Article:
A year before Bill became the Governor of Arkansas, Hillary joined the Rose Law Firm, becoming their first female associate and then their first partner (per The Wall Street Journal). During her 15-year tenure there, she also served on the board of several organizations and corporations, including Wal-Mart, becoming the first female member on their board (via PBS American Experience).

Clinton gave birth to her daughter, Chelsea, while working at the Rose Law Firm. Her pregnancy became somewhat of an issue, however. As she explained in a speech while secretary of state in 2012 (via ABC News) "they literally just were not sure what to do with me." While in hospital, she inadvertently created the "firm's first-ever maternity policy" after receiving a phone call from a co-worker about when she'd be returning to work.

She became a very outspoken First Lady of the United States

Before Bill Clinton became President of the United States, Hillary Clinton faced her first controversy in 1992 when people criticized her for working while her husband ran for office. "I suppose I could have stayed home and baked cookies and had teas, but what I decided to do was fulfill my profession, which I entered before my husband was in public life," she said (via The New York Times).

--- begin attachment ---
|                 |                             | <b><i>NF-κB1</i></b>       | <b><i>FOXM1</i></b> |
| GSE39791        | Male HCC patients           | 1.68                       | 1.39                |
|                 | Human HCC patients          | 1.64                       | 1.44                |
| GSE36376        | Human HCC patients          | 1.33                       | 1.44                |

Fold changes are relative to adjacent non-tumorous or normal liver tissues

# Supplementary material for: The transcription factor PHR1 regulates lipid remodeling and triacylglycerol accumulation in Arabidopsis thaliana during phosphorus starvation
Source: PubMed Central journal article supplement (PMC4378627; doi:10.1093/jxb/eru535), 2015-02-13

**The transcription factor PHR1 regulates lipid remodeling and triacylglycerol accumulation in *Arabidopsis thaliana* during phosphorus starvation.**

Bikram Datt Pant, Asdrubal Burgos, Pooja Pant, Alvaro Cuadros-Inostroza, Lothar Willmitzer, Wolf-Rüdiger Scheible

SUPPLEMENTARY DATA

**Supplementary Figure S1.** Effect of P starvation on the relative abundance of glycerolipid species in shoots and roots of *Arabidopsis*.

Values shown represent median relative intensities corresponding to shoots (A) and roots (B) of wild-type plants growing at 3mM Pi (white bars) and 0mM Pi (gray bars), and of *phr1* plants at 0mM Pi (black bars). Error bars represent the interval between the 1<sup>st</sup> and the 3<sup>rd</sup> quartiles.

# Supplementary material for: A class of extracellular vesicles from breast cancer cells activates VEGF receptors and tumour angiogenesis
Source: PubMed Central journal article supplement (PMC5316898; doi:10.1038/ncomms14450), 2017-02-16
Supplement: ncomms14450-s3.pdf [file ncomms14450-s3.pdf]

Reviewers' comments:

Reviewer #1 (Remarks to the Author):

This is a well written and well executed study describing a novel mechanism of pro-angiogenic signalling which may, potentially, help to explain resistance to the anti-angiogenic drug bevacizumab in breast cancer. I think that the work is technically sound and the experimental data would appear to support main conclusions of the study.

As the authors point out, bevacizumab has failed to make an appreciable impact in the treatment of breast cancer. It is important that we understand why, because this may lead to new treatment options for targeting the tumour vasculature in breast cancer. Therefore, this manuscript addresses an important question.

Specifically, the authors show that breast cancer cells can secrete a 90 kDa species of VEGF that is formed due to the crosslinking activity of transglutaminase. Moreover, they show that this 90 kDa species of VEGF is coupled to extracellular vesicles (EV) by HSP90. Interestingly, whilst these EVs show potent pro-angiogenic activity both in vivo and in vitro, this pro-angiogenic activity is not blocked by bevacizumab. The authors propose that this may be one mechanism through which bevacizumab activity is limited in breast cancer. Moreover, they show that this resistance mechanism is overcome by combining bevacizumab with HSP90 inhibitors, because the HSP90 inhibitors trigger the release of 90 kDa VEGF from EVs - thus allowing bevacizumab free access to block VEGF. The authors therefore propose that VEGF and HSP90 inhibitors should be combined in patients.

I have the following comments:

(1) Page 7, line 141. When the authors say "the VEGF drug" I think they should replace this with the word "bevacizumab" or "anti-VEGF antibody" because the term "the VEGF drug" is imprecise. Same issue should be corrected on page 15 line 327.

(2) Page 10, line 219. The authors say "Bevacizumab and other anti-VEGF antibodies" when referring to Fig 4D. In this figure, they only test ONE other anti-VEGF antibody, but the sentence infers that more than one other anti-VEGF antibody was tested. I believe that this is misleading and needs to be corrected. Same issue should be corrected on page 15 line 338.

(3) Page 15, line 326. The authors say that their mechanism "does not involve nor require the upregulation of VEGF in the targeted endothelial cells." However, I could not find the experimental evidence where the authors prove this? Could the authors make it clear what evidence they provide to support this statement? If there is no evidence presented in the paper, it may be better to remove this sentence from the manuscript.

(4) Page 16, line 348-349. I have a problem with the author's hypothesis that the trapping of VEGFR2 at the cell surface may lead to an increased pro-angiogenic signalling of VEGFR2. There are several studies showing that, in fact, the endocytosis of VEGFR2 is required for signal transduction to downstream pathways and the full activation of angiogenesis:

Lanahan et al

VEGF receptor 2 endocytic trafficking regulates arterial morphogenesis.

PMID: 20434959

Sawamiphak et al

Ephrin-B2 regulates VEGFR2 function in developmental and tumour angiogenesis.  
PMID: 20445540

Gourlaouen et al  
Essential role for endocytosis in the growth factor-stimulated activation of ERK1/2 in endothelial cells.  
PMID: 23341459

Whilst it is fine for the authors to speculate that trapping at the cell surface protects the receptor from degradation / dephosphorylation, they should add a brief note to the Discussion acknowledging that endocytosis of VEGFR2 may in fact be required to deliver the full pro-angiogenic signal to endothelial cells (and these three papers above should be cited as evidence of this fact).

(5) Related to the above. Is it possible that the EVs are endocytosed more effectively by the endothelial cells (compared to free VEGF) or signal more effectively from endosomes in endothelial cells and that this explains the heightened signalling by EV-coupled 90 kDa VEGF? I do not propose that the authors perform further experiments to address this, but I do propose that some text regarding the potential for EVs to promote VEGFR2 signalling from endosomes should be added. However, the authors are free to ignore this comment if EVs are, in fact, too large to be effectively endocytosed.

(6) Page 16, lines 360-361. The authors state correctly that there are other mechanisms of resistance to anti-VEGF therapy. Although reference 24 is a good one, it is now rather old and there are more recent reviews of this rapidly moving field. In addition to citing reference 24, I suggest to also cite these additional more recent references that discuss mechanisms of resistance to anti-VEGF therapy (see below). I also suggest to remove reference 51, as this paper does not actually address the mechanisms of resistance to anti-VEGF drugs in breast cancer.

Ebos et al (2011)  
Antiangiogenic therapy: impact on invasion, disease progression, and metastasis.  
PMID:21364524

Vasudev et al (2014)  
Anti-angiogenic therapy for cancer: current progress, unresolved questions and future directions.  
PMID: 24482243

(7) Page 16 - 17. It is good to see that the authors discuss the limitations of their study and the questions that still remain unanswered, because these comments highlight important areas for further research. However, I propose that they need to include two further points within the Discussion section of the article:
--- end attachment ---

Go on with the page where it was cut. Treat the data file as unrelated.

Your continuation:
When Hillary Clinton became the First Lady of the United States in 1993, she was the first to enter the White House with a postgraduate degree and a professional career. She also became the first to have an office in the West Wing (via PBS American Experience). Clinton was subsequently appointed to head the Task Force on National Health Care Reform by her husband, former President Bill Clinton. While this position wasn't as successful as she may have hoped, Clinton reportedly put that down to "political inexperience."

In 1994, she helped create the Department of Justice's Office on Violence Against Women, according to PBS American Experience. During a trip to Beijing, Clinton led the U.S. delegation at the United Nations Fourth World Conference on Women, "despite being told by some officials not to go," noted The Office of Hillary Rodham Clinton. At this event, she declared during a speech that "human rights are women's rights, and women's rights are human rights once and for all."

Clinton faced many controversies while in the White House

During her time in office, Hillary Clinton faced numerous scandals. The first was dubbed The Whitewater Scandal, which related to a real estate development company in which the Clintons were involved prior to his presidency (via NPR). While some associates of Bill Clinton were indicted on charges relating to "fraud and other financial misleading", as UnitedStatesNow explained, he and Hillary were never formally charged. Despite this, the scandal followed them into the White House. According to a Pew Research survey in 1996, the top words to describe Hillary at the time were "strong" and "dishonest."